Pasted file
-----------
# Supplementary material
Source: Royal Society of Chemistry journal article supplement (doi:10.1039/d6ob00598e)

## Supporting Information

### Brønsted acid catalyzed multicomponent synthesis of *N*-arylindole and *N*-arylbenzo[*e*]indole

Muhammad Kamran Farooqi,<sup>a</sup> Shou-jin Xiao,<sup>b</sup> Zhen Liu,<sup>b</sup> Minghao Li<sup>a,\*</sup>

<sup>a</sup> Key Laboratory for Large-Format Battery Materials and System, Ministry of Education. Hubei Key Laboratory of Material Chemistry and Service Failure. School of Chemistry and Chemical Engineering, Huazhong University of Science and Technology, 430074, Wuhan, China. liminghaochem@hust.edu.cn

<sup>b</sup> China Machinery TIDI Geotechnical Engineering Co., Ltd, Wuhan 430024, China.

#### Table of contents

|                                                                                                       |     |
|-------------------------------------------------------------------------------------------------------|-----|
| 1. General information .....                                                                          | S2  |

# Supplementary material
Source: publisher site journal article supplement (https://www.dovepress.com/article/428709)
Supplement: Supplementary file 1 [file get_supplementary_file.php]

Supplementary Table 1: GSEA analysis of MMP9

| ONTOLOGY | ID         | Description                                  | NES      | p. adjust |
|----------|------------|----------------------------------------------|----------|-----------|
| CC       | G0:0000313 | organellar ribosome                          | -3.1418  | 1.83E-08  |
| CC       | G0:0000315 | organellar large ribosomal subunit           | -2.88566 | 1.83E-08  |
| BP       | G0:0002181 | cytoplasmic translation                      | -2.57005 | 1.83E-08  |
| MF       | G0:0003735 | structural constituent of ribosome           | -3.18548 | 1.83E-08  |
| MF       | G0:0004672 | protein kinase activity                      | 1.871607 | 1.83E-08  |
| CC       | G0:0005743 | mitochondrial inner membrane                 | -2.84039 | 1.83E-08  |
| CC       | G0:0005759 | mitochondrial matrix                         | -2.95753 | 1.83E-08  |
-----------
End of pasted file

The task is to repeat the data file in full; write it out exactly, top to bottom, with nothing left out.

# Supplementary material
Source: Royal Society of Chemistry journal article supplement (doi:10.1039/d6ob00598e)

## Supporting Information

### Brønsted acid catalyzed multicomponent synthesis of *N*-arylindole and *N*-arylbenzo[*e*]indole

Muhammad Kamran Farooqi,<sup>a</sup> Shou-jin Xiao,<sup>b</sup> Zhen Liu,<sup>b</sup> Minghao Li<sup>a,\*</sup>

<sup>a</sup> Key Laboratory for Large-Format Battery Materials and System, Ministry of Education. Hubei Key Laboratory of Material Chemistry and Service Failure. School of Chemistry and Chemical Engineering, Huazhong University of Science and Technology, 430074, Wuhan, China. liminghaochem@hust.edu.cn

<sup>b</sup> China Machinery TIDI Geotechnical Engineering Co., Ltd, Wuhan 430024, China.

#### Table of contents

|                                                                                                       |     |
|-------------------------------------------------------------------------------------------------------|-----|
| 1. General information .....                                                                          | S2  |

# Supplementary material
Source: publisher site journal article supplement (https://www.dovepress.com/article/428709)
Supplement: Supplementary file 1 [file get_supplementary_file.php]

Supplementary Table 1: GSEA analysis of MMP9

| ONTOLOGY | ID         | Description                                  | NES      | p. adjust |
|----------|------------|----------------------------------------------|----------|-----------|
| CC       | G0:0000313 | organellar ribosome                          | -3.1418  | 1.83E-08  |
| CC       | G0:0000315 | organellar large ribosomal subunit           | -2.88566 | 1.83E-08  |
| BP       | G0:0002181 | cytoplasmic translation                      | -2.57005 | 1.83E-08  |
| MF       | G0:0003735 | structural constituent of ribosome           | -3.18548 | 1.83E-08  |
| MF       | G0:0004672 | protein kinase activity                      | 1.871607 | 1.83E-08  |
| CC       | G0:0005743 | mitochondrial inner membrane                 | -2.84039 | 1.83E-08  |
| CC       | G0:0005759 | mitochondrial matrix                         | -2.95753 | 1.83E-08  |